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Philanthropy in the regions

February 8, 2014

The push to garner more funds for museums from philanthropy has been a hard one in recent times, especially for organisations outside London.  The capital has become bigger and richer in recent times in comparison with the rest of the nation.  The sources of philanthropy and sponsorship, large companies, have increasingly moved their headquarters to London or even further afield.  Even if a large business is present near a provincial museum, its likely that its marketing team are centralised, in London, or elsewhere.  It is estimated that 82% of business sponsorship to the arts goes to London based organisations and private giving is even more skewed.

Hold on you may think, at least the public sector will counteract this disparity between the regions and London, but actually central government funding also pours most of its funds into London.  A recent report “Rebalancing Our Cultural Capital” suggests that funding from Department for Culture, Media & Sport and its allied quango, the Arts Council, direct 75% of their (English) funding to London cultural bodies (including museums).  Remember London’s population is less than 16% of the population of England. Regional museums that do receive public funding are often reliant on local government funding.  Unfortunately local government funding is being cut back more drastically than central government (at least in relation to culture).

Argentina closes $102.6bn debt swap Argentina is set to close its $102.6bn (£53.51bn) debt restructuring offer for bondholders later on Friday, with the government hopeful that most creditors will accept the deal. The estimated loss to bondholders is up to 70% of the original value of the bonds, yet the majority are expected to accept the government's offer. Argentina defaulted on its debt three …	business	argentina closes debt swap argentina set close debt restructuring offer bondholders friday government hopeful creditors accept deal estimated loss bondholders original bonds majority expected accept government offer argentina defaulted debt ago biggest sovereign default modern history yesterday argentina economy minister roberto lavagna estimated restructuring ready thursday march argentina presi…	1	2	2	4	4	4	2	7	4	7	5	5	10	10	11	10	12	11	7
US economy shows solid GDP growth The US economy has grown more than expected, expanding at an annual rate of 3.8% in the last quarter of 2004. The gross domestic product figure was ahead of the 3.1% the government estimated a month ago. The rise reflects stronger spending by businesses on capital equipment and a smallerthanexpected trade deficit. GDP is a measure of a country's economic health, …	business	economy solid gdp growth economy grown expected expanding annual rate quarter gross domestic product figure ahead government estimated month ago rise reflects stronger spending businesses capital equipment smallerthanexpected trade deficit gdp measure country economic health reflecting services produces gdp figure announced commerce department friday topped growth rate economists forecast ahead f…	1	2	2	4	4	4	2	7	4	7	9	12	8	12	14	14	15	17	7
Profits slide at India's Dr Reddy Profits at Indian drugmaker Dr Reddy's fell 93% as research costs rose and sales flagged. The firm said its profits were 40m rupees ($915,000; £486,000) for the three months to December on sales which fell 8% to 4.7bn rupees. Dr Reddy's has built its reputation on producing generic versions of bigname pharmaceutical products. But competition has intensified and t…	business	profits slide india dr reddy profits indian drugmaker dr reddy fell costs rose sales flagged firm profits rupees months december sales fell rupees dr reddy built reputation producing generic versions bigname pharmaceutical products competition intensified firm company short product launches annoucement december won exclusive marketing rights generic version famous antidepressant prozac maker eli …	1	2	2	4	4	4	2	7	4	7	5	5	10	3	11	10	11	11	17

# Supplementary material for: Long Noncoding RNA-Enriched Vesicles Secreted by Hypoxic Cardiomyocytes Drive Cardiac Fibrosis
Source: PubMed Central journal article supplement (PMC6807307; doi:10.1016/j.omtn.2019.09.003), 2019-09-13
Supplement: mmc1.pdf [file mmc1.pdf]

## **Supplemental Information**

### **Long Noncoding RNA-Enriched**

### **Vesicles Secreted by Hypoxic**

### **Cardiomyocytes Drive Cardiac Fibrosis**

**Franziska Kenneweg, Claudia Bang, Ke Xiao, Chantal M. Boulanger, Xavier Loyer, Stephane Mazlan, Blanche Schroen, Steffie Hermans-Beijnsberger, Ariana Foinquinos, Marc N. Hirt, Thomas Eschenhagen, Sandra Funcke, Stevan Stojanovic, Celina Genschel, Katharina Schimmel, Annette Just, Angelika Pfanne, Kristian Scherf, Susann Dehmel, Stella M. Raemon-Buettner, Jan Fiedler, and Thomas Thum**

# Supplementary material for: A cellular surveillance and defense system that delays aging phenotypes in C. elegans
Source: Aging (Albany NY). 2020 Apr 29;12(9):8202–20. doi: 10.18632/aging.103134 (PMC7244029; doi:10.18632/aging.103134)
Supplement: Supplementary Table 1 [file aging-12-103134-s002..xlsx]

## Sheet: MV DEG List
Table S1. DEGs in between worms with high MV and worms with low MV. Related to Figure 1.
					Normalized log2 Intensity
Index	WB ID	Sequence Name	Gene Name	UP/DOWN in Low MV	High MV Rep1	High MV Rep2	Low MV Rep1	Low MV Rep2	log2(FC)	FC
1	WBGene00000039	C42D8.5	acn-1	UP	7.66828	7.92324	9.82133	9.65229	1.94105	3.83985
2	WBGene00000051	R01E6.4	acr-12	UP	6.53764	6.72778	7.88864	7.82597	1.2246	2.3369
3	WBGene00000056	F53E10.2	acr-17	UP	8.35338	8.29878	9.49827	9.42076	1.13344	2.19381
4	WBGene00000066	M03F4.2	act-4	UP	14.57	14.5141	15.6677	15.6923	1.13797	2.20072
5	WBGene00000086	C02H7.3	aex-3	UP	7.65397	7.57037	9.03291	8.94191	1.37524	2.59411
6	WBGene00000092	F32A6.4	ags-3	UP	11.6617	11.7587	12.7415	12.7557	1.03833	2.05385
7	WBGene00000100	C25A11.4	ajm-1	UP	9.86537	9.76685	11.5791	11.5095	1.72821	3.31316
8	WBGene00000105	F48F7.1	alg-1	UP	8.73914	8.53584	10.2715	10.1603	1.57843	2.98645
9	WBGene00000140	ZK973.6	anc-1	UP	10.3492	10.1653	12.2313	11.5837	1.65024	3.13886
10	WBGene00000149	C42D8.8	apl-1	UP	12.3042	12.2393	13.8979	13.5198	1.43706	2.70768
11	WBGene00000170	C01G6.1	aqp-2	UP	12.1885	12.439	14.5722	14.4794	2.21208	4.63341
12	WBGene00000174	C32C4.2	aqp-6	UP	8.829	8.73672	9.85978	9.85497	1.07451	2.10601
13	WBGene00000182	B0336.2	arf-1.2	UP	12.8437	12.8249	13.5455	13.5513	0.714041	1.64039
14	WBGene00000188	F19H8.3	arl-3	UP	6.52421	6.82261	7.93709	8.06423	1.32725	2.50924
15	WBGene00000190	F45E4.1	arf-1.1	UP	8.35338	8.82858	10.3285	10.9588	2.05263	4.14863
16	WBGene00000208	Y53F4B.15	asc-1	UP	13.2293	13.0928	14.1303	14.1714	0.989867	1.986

The Clifton under threat in the 60s

The Clifton under threat in the 60s

Regional museums that do attract new funding tend to succeed in raising it from, grant making bodies (Heritage Lottery), commercial income (venue hire) or using new technology (like crowd funding).  To give one example (OK its not a museum) the Clifton Community Art Centre in Wellington is seeking crowd funding to  develop a non profit venue, in this case a theatre and art centre.  The public are invited to buy community shares into this non profit making organisation.  Innovative fundraising is essential if you want to survive these days!

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